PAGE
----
Toyota's president, Akio Toyoda, on March 5 swapped his business jacket for a workman's uniform to address thousands of employees and suppliers in Japan in a bid to boost morale at the crisis-hit car giant.
Akio Toyoda, the grandson of the founder, admitted it had grown too rapidly, leading to the crisis that has forced it to recall more than eight million vehicles worldwide. "It was totally against what we intended. Let me apologize for that," he said at the "all-Toyota emergency meeting" of 2,000 employees, dealers and parts suppliers at the company headquarters in central Japan.
Toyota executives at the event, which was beamed live to offices nationwide in a video conference, briefed workers and other stakeholders on U.S. congressional hearings where they have recently testified.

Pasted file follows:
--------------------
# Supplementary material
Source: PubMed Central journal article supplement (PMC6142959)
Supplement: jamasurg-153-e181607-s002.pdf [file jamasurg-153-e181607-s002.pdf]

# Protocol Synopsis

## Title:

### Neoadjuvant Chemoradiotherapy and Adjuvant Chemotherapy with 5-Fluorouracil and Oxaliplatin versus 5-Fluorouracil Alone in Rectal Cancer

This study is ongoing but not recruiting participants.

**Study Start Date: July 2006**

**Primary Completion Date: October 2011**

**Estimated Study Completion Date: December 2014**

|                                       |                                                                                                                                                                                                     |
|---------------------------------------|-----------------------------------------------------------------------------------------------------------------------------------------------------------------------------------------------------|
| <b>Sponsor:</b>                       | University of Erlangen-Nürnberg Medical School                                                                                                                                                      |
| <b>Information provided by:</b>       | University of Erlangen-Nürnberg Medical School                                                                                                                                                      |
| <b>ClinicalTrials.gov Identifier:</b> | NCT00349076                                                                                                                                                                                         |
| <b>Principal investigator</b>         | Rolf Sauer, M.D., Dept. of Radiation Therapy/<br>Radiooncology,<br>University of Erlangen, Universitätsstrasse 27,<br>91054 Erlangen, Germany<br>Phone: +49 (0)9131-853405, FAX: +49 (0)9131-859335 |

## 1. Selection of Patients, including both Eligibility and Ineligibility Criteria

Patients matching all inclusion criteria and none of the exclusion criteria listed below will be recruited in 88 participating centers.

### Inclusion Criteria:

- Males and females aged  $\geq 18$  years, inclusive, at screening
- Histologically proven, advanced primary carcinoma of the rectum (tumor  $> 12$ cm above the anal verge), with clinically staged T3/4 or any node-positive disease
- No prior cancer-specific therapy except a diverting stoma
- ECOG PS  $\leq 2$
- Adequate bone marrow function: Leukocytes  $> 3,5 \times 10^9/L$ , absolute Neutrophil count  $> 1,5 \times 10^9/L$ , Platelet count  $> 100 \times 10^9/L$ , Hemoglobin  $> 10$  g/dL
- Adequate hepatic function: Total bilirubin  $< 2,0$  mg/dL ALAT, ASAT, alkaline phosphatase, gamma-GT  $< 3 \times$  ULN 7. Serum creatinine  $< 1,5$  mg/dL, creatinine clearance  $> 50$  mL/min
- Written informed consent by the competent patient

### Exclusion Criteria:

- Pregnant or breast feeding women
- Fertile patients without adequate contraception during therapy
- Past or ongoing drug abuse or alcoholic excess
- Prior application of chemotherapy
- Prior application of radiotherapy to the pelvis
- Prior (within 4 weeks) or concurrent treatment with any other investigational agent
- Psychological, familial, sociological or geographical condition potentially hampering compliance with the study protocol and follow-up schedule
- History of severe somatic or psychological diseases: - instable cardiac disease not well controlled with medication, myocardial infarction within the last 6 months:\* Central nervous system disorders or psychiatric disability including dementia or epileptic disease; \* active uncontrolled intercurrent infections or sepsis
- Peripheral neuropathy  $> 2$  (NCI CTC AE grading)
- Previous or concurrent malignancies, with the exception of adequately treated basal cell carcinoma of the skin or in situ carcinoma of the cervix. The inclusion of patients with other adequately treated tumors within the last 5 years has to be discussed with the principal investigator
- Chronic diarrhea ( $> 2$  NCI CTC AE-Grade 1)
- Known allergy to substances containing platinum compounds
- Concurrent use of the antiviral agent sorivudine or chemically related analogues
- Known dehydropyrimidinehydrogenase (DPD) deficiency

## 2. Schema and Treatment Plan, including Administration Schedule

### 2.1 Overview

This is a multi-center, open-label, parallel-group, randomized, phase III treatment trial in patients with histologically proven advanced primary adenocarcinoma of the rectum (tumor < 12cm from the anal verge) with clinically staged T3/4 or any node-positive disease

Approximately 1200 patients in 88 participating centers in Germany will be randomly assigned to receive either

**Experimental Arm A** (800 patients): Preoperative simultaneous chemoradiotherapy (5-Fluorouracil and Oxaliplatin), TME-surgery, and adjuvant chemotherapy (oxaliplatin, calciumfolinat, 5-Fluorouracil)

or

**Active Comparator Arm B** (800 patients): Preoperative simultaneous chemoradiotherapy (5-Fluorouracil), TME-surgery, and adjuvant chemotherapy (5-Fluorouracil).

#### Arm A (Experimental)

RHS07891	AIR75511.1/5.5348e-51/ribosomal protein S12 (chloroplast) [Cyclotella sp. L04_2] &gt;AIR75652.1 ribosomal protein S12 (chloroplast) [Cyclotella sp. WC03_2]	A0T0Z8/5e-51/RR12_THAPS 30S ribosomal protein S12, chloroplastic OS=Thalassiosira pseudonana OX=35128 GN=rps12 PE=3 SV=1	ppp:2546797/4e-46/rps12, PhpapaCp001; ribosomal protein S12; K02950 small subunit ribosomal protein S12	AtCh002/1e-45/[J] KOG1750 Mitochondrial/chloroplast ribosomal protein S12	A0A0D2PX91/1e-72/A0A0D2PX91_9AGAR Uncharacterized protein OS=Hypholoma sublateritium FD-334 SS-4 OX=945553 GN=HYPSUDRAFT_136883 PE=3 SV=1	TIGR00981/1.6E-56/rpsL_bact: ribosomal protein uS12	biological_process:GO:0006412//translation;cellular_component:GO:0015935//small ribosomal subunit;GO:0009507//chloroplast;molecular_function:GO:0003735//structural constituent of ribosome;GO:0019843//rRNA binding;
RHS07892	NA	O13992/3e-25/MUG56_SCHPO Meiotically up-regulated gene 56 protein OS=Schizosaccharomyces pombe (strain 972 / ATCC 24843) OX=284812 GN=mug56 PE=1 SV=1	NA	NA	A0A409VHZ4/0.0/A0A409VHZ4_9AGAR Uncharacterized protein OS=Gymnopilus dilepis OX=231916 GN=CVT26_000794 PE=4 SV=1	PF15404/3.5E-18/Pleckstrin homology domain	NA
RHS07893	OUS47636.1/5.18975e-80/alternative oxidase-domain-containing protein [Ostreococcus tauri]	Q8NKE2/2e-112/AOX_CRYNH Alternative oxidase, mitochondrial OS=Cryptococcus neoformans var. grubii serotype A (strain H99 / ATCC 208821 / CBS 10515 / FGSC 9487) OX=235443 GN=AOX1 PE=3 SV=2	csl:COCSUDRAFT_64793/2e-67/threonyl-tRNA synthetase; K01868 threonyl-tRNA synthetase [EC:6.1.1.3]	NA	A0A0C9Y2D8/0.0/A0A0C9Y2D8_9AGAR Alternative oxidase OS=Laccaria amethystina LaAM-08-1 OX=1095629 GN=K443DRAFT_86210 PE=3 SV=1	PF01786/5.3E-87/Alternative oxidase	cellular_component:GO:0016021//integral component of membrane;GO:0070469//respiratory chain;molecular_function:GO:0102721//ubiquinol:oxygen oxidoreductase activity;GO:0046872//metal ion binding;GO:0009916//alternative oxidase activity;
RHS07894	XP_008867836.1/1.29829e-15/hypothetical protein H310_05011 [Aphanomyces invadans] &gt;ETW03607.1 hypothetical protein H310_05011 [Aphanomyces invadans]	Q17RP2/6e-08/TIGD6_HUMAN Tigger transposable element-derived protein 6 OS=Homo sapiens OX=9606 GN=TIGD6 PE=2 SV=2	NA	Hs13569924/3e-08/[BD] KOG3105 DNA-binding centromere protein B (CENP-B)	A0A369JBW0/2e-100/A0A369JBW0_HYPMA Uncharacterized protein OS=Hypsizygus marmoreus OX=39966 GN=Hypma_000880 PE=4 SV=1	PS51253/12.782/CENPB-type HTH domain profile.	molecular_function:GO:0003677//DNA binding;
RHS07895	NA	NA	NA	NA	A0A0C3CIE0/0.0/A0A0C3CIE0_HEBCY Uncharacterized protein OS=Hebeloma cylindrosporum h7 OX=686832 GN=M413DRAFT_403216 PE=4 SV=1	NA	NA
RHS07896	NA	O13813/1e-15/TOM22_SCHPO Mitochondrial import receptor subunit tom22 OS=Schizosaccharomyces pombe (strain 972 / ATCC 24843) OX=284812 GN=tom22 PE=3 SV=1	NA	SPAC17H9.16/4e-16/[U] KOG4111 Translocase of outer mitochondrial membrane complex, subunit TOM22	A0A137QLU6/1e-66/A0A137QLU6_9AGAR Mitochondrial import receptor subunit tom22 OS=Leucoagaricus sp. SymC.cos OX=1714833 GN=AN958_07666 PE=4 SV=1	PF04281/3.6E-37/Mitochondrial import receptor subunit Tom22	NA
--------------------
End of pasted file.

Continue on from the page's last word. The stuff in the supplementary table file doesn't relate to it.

"I was feeling lonely as Toyota was being criticized repeatedly on TV and in newspapers and I was being chased by the media," Toyoda said of his U.S. visit, during which he spoke in Congress, faced Toyota dealers and appeared on CNN.
But the 53-year-old executive -- wearing an ash-grey jacket just like the rows of employees standing before him -- noted he had felt encouraged by the Toyota factory workers and dealers he met in the United States. "I had been thinking I was striving to protect those people, but I realized I was actually being protected by them. I was deeply moved and thought I was really lucky to be a member of Toyota," he said with a choked voice.
Toyota executives in Washington this week ended a third marathon hearing before U.S. lawmakers over their handling of the safety defects. Toyoda has vowed to rebuild shattered global faith in the firm.
Amid the company's unprecedented crisis, Toyota's leading Japanese labor union said Wednesday it would cancel an annual spring rally for higher wages out of consideration for the automaker's woes. Japanese media have meanwhile reported that the workers will get their customary annual wage increases, which would be an average 7,100 yen (US$80) each per month, in line with the union's demand.
Copyright Agence France-Presse, 2010